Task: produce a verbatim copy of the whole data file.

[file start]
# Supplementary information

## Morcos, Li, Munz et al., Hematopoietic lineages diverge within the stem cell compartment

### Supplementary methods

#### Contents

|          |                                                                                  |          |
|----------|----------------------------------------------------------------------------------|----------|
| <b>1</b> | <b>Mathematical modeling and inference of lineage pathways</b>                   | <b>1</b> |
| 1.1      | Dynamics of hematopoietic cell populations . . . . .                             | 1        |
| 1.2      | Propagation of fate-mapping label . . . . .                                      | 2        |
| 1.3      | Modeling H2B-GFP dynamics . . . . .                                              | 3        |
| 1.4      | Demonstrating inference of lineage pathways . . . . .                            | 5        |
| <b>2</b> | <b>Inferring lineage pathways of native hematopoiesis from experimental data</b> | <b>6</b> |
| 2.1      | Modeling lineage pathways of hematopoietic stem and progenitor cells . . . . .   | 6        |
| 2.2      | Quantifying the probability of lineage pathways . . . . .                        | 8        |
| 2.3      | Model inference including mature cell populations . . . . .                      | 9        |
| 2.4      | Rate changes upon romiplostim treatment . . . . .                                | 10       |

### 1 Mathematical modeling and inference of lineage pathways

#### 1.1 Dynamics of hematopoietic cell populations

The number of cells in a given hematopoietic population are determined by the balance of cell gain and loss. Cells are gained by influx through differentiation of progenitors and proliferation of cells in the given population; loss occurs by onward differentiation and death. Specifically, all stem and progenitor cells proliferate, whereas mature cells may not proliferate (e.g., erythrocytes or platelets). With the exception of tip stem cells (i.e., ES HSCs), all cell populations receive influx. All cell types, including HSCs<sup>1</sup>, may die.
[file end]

# Supplementary information

## Morcos, Li, Munz et al., Hematopoietic lineages diverge within the stem cell compartment

### Supplementary methods

#### Contents

|          |                                                                                  |          |
|----------|----------------------------------------------------------------------------------|----------|
| <b>1</b> | <b>Mathematical modeling and inference of lineage pathways</b>                   | <b>1</b> |
| 1.1      | Dynamics of hematopoietic cell populations . . . . .                             | 1        |
| 1.2      | Propagation of fate-mapping label . . . . .                                      | 2        |
| 1.3      | Modeling H2B-GFP dynamics . . . . .                                              | 3        |
| 1.4      | Demonstrating inference of lineage pathways . . . . .                            | 5        |
| <b>2</b> | <b>Inferring lineage pathways of native hematopoiesis from experimental data</b> | <b>6</b> |
| 2.1      | Modeling lineage pathways of hematopoietic stem and progenitor cells . . . . .   | 6        |
| 2.2      | Quantifying the probability of lineage pathways . . . . .                        | 8        |
| 2.3      | Model inference including mature cell populations . . . . .                      | 9        |
| 2.4      | Rate changes upon romiplostim treatment . . . . .                                | 10       |

### 1 Mathematical modeling and inference of lineage pathways

#### 1.1 Dynamics of hematopoietic cell populations

The number of cells in a given hematopoietic population are determined by the balance of cell gain and loss. Cells are gained by influx through differentiation of progenitors and proliferation of cells in the given population; loss occurs by onward differentiation and death. Specifically, all stem and progenitor cells proliferate, whereas mature cells may not proliferate (e.g., erythrocytes or platelets). With the exception of tip stem cells (i.e., ES HSCs), all cell populations receive influx. All cell types, including HSCs<sup>1</sup>, may die.